COVID-19: Moderna and Pfizer coronavirus vaccines linked to mild heart inflammation but benefits still outweigh risks

·2-min read

The Pfizer/BioNTech and Moderna jabs have been linked to cases of mild heart inflammation - but the benefits still outweigh the risks, according to European and UK health agencies.

Myocarditis - inflammation of the heart muscle - and pericarditis - inflammation of the lining around the heart - have been observed in a small number of people who had the vaccines.

Both the European Medicines Agency (EMA) and the UK's Medicines and Healthcare products Regulatory Agency (MHRA) say that younger men were most likely to see the complication, especially after their second jab.

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The EMA and MHRA are recommending that healthcare professionals and the public be on the lookout for symptoms of heart inflammation in people who have had the two vaccines.

This includes chest pain, shortness of breath, palpitations and an irregular heartbeat.

Anyone with these symptoms who has been vaccinated should seek "immediate medical attention", the MHRA said.

But most cases were "mild" and people who reported the symptoms tended to recover with normal treatment and rest.

The Pfizer and Moderna jabs are mRNA vaccines, which work by training your body to recognise and destroy a particular part of the coronavirus called the spike protein, should you get infected with the real thing.

The MHRA says it has received 102 reports of inflammation following doses of the Pfizer jab, and seven cases following administration of the Moderna jab.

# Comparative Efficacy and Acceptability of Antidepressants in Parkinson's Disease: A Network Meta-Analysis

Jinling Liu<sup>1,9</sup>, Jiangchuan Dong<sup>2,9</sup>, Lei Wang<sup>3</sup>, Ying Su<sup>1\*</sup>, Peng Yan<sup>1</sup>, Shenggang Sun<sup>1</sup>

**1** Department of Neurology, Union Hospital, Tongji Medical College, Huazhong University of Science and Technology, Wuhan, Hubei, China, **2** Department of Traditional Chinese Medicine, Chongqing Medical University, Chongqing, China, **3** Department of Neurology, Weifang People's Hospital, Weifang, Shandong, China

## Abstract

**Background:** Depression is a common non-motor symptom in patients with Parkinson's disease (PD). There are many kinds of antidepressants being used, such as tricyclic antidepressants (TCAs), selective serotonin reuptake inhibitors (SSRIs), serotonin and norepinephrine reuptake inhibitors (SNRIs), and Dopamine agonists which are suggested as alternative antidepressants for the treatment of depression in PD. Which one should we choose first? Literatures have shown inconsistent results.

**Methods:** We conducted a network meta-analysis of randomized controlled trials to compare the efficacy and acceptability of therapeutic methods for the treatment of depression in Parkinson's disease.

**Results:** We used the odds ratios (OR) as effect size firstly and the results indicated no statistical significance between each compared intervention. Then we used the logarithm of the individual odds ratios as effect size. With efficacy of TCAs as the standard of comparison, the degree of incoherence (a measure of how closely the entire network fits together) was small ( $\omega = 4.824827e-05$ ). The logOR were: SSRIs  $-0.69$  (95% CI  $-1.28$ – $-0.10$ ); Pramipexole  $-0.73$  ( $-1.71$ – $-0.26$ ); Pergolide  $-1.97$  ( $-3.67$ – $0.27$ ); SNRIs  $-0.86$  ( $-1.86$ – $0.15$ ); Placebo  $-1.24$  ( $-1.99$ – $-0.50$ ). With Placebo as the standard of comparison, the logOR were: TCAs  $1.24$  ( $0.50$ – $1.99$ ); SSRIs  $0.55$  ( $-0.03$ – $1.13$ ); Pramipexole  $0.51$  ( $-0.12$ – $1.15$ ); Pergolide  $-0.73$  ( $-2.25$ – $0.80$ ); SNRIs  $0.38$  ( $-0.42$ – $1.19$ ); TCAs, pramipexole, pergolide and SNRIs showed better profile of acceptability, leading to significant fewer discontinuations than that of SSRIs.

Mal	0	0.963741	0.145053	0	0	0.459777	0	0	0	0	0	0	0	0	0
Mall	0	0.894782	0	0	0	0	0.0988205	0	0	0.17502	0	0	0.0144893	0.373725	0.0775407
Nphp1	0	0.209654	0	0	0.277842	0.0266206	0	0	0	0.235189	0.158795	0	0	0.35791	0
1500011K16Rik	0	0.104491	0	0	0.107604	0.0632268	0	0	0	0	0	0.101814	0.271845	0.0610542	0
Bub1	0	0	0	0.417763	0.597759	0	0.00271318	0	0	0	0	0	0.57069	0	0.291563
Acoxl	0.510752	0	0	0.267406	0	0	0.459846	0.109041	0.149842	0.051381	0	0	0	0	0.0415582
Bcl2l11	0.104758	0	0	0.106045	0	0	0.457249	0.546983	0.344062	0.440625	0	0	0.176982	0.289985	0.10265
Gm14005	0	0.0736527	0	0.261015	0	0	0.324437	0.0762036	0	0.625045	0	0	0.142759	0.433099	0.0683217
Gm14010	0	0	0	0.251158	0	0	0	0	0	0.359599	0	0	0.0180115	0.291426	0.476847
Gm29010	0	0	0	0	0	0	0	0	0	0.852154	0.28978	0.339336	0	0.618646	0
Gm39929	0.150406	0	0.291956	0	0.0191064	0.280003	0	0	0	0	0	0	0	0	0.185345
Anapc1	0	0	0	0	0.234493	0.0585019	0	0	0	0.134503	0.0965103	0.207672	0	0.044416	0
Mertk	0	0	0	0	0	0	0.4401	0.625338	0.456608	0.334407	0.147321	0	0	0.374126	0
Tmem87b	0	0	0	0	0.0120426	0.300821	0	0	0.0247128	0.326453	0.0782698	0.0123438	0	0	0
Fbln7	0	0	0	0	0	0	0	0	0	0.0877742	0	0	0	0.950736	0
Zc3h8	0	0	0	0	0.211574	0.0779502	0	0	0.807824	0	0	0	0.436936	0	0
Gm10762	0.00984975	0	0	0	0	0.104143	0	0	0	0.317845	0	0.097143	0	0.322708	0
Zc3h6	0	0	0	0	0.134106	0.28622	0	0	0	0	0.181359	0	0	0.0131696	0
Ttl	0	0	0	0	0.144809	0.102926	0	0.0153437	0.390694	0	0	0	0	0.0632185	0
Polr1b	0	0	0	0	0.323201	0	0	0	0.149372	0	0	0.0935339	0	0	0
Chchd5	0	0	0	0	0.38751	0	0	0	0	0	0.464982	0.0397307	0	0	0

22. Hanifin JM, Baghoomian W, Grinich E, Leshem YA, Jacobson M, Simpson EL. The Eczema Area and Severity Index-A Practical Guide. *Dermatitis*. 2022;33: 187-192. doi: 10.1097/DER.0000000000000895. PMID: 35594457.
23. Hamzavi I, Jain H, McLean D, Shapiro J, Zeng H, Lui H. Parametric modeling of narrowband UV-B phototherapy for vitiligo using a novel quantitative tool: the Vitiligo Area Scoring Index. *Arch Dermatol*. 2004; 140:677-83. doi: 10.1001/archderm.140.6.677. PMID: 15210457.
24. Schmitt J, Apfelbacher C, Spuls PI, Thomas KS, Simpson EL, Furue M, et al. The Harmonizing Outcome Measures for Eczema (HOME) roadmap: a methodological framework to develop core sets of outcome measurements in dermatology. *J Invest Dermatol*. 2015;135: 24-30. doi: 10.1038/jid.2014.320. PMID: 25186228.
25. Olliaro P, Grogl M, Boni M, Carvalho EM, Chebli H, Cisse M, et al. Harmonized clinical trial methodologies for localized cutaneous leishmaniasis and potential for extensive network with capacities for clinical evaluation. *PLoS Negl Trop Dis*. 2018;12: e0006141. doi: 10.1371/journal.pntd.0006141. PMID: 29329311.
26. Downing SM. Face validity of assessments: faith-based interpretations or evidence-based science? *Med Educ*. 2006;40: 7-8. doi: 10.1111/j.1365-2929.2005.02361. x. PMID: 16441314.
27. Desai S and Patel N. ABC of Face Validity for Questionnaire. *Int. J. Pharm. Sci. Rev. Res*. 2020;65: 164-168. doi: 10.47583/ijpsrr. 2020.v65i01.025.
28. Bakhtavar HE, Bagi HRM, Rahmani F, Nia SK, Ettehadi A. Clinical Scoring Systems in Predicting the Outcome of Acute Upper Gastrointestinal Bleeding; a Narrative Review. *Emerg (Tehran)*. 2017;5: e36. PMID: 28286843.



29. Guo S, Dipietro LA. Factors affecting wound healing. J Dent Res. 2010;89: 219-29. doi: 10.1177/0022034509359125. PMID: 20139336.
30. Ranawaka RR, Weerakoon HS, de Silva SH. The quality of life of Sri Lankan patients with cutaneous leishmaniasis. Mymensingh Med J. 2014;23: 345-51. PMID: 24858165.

Roughly 18 million first and 11 million second doses of the Pfizer vaccine have been given out in the UK, while around 880,000 Moderna first doses have been given.

The EMA says, after 177 million total Pfizer doses were given out, 283 inflammation cases were reported.

And after 20 million Moderna doses, 38 inflammation cases were reported.

While five of the European cases saw someone die, the EMA says these were all in older people or those with other conditions.

The cases were most commonly found in men under 40 and within 10 days of a second dose.

The majority of those recovered quickly with the normal treatments for myocarditis and pericarditis as well as rest.

The EMA is also making updates to list myocarditis and pericarditis as side effects of the jabs.

The MHRA said: "The COVID-19 vaccines remain highly effective in protecting people from COVID-19 and have already saved thousands of lives.

"These events are extremely rare and tend to be mild when they do occur.

"Our advice remains that the benefits of getting vaccinated outweigh the risks in the majority of people.

"It is still vitally important that people come forward for their first and second vaccination when invited to do so, unless advised otherwise."

No causal link has been found between the AstraZeneca or Johnson & Johnson shots and heart inflammation.

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